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Agriculture and Human Values

, Volume 35, Issue 3, pp 595–609 | Cite as

“It’s hard to be strategic when your hair is on fire”: alternative food movement leaders’ motivation and capacity to act

  • Lesli HoeyEmail author
  • Allison Sponseller
Article

Abstract

Despite decades of struggle against the industrial food system, academics still question the impact of the alternative food movement. We consider what food movement leaders themselves say about their motivation to act and their capacity to scale up their impact. Based on semi-structured interviews with 27 food movement leaders in Michigan, our findings complicate the established academic narratives that revolve around notions of prefigurative and oppositional politics, and suggest pragmatic strategies that could scale up the pace and scope of food movement impacts. In contrast to the apolitical perspective some scholars see guiding alternative food movements, local leaders we interviewed see the food system from a structural-political lens. Though some see strength in fragmentation, most are not under the illusion that they can work alone and aspire to build their collective strength further. Concerns about organizational survival and conflicting views about the goals of the food movement, however, present ongoing challenges. Ultimately, we argue that there is a middle ground food movement leaders can walk between prefigurative and oppositional politics, one that still attempts to intentionally change the state, while also maintaining the inventiveness that can come from autonomous, grassroots initiatives. Specifically, interviewees suggested that increased strategic capacity around policy advocacy, critical food systems education, and negotiation could help them extend cross-movement networks and mainstream more equitable food policies, while continuing to experiment with customized solutions.

Keywords

Food systems Alternative food movement Food governance Strategic capacity Michigan 

Abbreviations

CSA

Community supported agriculture

NGOs

Non-governmental organizations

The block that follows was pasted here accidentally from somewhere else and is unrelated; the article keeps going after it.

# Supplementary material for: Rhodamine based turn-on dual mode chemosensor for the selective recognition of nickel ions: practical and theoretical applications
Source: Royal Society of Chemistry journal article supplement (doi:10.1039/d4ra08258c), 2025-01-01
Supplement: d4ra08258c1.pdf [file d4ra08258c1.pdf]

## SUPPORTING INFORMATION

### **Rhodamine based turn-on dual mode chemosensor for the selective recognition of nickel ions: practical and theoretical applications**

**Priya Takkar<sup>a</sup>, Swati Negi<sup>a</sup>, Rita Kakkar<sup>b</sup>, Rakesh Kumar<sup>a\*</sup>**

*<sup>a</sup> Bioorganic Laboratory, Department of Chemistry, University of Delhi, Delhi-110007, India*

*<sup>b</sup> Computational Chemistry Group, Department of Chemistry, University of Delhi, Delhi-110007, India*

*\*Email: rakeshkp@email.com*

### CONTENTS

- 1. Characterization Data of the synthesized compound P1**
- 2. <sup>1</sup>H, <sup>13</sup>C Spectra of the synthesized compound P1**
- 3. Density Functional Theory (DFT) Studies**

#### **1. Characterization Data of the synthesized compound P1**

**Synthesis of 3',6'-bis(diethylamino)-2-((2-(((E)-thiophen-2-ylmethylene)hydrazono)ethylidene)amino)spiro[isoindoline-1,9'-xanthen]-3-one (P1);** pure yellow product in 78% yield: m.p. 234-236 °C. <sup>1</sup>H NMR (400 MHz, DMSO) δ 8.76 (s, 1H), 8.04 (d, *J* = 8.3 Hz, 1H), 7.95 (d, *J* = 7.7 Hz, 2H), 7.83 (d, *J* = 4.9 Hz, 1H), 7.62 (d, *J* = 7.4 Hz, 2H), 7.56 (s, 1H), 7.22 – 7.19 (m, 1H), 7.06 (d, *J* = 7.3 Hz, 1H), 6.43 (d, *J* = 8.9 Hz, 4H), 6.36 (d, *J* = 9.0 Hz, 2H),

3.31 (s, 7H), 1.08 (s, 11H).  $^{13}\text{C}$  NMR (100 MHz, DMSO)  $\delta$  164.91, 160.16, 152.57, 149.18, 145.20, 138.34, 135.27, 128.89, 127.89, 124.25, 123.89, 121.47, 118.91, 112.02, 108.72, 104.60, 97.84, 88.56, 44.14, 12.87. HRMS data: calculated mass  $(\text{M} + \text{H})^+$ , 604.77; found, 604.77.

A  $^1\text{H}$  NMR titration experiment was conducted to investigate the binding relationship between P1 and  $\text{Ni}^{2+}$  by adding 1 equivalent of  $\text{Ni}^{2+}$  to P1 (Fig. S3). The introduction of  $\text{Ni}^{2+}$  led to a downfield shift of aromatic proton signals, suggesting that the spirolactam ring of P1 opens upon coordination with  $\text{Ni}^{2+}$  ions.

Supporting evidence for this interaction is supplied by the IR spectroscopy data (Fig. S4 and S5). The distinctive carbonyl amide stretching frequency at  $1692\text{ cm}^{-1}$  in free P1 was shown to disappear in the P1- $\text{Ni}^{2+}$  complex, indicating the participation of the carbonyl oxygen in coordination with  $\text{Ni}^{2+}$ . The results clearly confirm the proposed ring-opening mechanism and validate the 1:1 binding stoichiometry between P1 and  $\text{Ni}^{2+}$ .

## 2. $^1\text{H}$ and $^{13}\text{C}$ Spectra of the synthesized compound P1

SNAP

Supplemental nutrition assistance program

Notes

Acknowledgements

We would like to thank the numerous food movement leaders in Michigan who shared their time and insight for the interviews we conducted in this study. We also thank Kameshwari (Kami) Pothukuchi, Rich Pirog, Kathryn Colasanti, Lilly Fink Shapiro, Robert Fishman, Scott Campbell, Harley Etienne, Ana Paula Pimentel Walker, Joy Knoblauch, and the blind reviewers for their invaluable feedback on earlier drafts. This project would also not have been possible without University of Michigan MCubed funding, and students who engaged in early discussions and literature reviews, including Danielle Rivera, Kelly McGraw and graduate research teams led by John Vandermeer and Ivette Perfecto. We chose not to directly identify individuals or organizations we interviewed, as most asked to remain anonymous and worried that revealing some, and not others, might contribute to inequitable representation of the accomplishments of some actors over others. However, we do want to dedicate this article to the memory of Charity Hicks, who asked us explicitly to name her as a contributor. We only had the chance to get to know Charity during the interview we conducted with her a month before her tragic death. She left us with a lasting impression of what it means to be a relentless activist and “movement weaver”, as someone who linked food movements with the fight for water rights and many other grassroots struggles in Detroit and nationally (see http://www.onthecommons.org/magazine/commoner/remembering-charity-hicks).

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© Springer Science+Business Media B.V., part of Springer Nature 2018

Authors and Affiliations

  1. 1.University of MichiganAnn ArborUSA
  2. 2.Learning for ActionSan FranciscoUSA

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